Caring for your older horse in winter

Elderly horses can always do with an extra bit of TLC, particularly when the temperature drops during the colder months. So we asked Redwings Horse Sanctuary vet Nicky Jarvis for her best tips for top veteran vitality.

 Older horses need a little more TLC in the winter

Older horses need a little more TLC in the winter

Cold weather can take its toll on the older horse, so making sure he’s in tip-top condition is important. 

Regular vet and dental check‑ups will help keep him in good nick, but as Nicky Jarvis explains, how you manage your veteran’s care routine will depend on his overall condition.

“A horse’s age doesn’t decree a style of management” says Nicky. “Ask yourself if your horse is prone to putting on weight or losing it; that will determine how you manage him during the winter and beyond. There are always certain expectations that because your horse is older he has to have extra feeds in the winter, or he has to wear a heavy turnout rug to keep warm, but every older horse is different, so you need to cater for the individual.” 

A horse’s condition doesn’t just refer to his bodyweight, it’s looking at how he moves, his ability to chew his hay, the shininess to his coat and how well he is in himself. Once you’ve carried out your condition checks, you can make adjustments to his lifestyle to help make him feel more comfortable.

Add in more fibe

You should be feeding your older horse hay for as long as he can manage it,” says Nicky. “However, if he’s struggling to chew it, that puts him at risk of choke or colic and you need to get fibre down him in a different way.”

Most older horses need a healthy fibre intake to avoid weight loss. Ideally, his forage source should come from the grass or his haynet, but if your horse is finding it hard to chew, then giving him chopped fibre or pelleted fibre also works. 

Your horse may even benefit from high-fibre cubes, such as High Fibre Cubes

“Just like with humans, s horses age the state of his teeth deteriorates,” says Nicky. “Older horses often have gaps form in between their teeth, which makes it easier for food to get wedged in. Grinding hay also becomes harder as their enamel ridges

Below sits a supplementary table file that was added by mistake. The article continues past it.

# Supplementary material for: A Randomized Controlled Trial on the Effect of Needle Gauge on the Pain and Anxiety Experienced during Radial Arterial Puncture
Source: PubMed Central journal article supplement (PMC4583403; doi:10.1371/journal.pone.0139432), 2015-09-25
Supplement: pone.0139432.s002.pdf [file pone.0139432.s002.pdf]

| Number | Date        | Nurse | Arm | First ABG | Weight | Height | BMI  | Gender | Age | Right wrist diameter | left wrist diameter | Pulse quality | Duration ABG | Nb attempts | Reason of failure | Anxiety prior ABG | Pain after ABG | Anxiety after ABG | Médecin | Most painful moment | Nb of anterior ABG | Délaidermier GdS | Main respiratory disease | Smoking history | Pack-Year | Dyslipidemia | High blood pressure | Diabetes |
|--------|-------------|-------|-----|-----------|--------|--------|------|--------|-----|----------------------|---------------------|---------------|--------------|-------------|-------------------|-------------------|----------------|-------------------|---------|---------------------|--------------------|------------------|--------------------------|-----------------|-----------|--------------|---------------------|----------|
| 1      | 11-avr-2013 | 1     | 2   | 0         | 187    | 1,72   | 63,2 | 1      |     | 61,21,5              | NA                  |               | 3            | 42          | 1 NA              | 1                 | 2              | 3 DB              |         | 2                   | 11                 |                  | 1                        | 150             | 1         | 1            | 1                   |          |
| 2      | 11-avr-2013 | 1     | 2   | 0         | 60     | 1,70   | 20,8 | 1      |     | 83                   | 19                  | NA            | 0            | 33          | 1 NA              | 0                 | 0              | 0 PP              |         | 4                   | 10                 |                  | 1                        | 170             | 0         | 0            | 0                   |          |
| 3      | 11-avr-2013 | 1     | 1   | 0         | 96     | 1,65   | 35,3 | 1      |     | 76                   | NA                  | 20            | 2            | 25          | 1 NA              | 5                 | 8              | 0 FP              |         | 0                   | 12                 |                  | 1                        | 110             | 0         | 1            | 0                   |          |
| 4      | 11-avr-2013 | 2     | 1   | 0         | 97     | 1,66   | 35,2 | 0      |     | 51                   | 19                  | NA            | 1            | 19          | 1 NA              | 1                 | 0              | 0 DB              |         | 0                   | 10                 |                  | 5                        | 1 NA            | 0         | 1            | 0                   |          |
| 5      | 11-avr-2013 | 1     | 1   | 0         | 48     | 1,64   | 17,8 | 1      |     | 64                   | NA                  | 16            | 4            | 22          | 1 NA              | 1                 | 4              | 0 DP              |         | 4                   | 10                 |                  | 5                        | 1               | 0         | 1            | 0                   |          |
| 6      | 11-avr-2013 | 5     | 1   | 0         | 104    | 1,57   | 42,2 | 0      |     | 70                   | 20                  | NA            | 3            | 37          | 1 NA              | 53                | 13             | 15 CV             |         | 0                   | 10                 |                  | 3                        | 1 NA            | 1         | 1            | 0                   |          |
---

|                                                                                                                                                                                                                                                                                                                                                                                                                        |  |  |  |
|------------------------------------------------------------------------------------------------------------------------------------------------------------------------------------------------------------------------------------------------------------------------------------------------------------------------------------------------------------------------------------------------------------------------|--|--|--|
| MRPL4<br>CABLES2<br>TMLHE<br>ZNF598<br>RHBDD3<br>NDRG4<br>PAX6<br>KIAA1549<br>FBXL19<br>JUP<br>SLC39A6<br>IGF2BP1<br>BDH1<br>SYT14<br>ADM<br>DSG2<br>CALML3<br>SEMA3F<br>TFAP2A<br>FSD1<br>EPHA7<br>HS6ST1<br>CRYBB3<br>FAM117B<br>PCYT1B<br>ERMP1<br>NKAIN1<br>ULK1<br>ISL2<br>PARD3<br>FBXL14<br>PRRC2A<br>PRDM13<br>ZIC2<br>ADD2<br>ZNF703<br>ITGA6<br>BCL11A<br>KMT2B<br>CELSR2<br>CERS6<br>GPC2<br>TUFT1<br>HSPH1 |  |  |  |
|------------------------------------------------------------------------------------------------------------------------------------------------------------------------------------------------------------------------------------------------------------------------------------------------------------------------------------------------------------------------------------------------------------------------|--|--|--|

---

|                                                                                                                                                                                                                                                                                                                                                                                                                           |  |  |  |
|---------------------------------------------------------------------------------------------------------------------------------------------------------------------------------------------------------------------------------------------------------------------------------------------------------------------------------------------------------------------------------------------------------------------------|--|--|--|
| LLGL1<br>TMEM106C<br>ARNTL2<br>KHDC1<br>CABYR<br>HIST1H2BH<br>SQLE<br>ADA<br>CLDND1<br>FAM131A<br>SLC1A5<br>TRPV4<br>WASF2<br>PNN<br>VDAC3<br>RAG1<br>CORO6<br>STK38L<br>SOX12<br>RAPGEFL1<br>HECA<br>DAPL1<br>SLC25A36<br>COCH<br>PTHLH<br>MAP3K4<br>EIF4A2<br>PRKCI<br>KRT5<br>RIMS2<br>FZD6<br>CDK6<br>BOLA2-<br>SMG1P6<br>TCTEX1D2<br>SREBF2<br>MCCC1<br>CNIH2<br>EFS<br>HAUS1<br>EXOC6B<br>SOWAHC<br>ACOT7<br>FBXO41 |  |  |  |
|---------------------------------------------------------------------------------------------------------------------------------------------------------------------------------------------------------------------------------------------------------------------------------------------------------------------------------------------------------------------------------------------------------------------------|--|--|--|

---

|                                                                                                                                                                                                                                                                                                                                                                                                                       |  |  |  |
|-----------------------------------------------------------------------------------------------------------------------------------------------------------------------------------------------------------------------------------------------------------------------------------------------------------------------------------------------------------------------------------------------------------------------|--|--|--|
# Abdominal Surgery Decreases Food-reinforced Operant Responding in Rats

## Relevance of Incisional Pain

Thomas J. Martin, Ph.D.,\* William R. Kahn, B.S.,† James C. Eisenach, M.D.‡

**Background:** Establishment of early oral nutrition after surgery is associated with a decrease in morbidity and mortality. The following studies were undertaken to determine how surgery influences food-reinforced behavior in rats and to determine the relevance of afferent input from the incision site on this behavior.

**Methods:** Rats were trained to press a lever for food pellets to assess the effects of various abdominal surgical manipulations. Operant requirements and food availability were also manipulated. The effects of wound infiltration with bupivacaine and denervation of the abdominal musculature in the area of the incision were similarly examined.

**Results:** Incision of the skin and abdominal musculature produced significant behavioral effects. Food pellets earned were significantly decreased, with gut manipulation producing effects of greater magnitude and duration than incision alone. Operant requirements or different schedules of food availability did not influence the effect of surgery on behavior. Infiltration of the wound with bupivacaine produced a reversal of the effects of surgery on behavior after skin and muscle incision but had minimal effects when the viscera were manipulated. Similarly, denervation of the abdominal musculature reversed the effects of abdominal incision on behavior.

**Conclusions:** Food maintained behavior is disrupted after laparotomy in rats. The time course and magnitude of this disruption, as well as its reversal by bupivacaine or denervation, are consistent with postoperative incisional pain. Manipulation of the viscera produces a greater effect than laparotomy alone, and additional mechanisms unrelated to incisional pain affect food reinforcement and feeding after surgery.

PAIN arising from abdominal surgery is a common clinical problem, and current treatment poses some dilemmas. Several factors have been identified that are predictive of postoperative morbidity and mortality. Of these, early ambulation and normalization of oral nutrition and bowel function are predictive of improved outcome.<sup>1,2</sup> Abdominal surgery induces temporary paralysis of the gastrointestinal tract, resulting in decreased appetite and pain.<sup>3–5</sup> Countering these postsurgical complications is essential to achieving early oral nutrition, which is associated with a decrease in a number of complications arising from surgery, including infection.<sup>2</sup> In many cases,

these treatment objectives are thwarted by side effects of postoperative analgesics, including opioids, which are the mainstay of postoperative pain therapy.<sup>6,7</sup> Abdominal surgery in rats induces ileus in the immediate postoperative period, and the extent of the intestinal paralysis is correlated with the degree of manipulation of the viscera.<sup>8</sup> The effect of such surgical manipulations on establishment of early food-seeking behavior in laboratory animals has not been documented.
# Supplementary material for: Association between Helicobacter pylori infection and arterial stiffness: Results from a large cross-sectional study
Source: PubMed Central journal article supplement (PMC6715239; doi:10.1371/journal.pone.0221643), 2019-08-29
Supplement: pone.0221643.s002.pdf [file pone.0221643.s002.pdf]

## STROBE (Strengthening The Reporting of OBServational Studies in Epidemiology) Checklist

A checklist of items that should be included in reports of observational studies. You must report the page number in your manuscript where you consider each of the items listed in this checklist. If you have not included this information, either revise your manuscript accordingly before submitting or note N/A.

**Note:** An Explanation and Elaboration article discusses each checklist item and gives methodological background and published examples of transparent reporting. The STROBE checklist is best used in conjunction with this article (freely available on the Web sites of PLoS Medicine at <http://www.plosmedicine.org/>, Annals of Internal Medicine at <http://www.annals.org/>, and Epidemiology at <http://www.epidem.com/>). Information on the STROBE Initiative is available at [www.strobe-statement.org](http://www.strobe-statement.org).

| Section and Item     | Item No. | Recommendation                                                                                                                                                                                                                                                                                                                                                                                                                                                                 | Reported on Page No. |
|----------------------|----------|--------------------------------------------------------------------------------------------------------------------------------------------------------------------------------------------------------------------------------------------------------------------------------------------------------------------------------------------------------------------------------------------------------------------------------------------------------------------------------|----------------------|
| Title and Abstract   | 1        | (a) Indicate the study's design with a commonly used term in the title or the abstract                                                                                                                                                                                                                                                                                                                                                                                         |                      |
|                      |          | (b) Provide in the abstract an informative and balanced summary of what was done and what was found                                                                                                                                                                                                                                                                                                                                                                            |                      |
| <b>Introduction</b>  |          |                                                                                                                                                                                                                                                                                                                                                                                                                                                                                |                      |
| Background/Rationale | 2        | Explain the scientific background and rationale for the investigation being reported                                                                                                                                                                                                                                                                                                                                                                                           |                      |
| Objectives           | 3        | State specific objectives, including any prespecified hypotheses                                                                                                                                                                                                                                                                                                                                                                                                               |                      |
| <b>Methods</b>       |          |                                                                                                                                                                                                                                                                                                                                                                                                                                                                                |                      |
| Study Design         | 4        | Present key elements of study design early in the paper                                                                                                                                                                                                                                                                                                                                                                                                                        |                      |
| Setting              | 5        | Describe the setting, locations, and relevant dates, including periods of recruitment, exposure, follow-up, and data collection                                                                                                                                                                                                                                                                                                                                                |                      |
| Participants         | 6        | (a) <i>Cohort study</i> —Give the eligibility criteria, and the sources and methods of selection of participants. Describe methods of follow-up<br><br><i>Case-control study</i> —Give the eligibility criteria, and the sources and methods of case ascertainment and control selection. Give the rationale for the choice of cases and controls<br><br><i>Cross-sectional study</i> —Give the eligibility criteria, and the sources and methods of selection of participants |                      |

wear down and the surfaces of the teeth become smooth.”

If you’re unsure about the state of your horse’s teeth then book an appointment with your vet or qualified equine dental technician to assess what mechanics he has. That way you’ll know what you should be feeding him and if you should consider adjusting the type of forage he gets. You might end up needing to give him chopped or pelleted fibre, which is easier for him to chew, or provide him with tepid water rather than ice-cold. 

Add oil

For the older horses, adding 
oil to their feed can be a useful tool to keep weight on and 
help add a gleam to their coats. 

“Vegetable, soya and corn liver oil are all great because they’re energy dense,” Nicky explains. “But oils need to be introduced slowly over the course of two to three weeks. If you add a lot of oil in one go, your horse will probably retaliate by spitting his feed out. You need to start by adding a teaspoon at a time and then work up to two to three cups.”

Speak to your vet or equine nutritionist if feeding more than one 
cup of oil a day as Vitamin E is required as an anti-oxidant. 

Keep him snug 

“A horse’s coat acts as an insulator during the colder months,” says Nicky. “Older horses find 
it hard to keep warm in the winter, so often they’ll need a rug on when they’re turned out 
to help them maintain condition.”

At the other end of the spectrum, heavier horses with long hairy coats won’t necessarily need a rug. “It all depends on the individual horse. Rugging up unnecessarily can even lead to weight gain and it’s important to remember that eating will help to keep him warm too. Excess weight will put extra strain on already arthritic joints and can lead to other serious issues.

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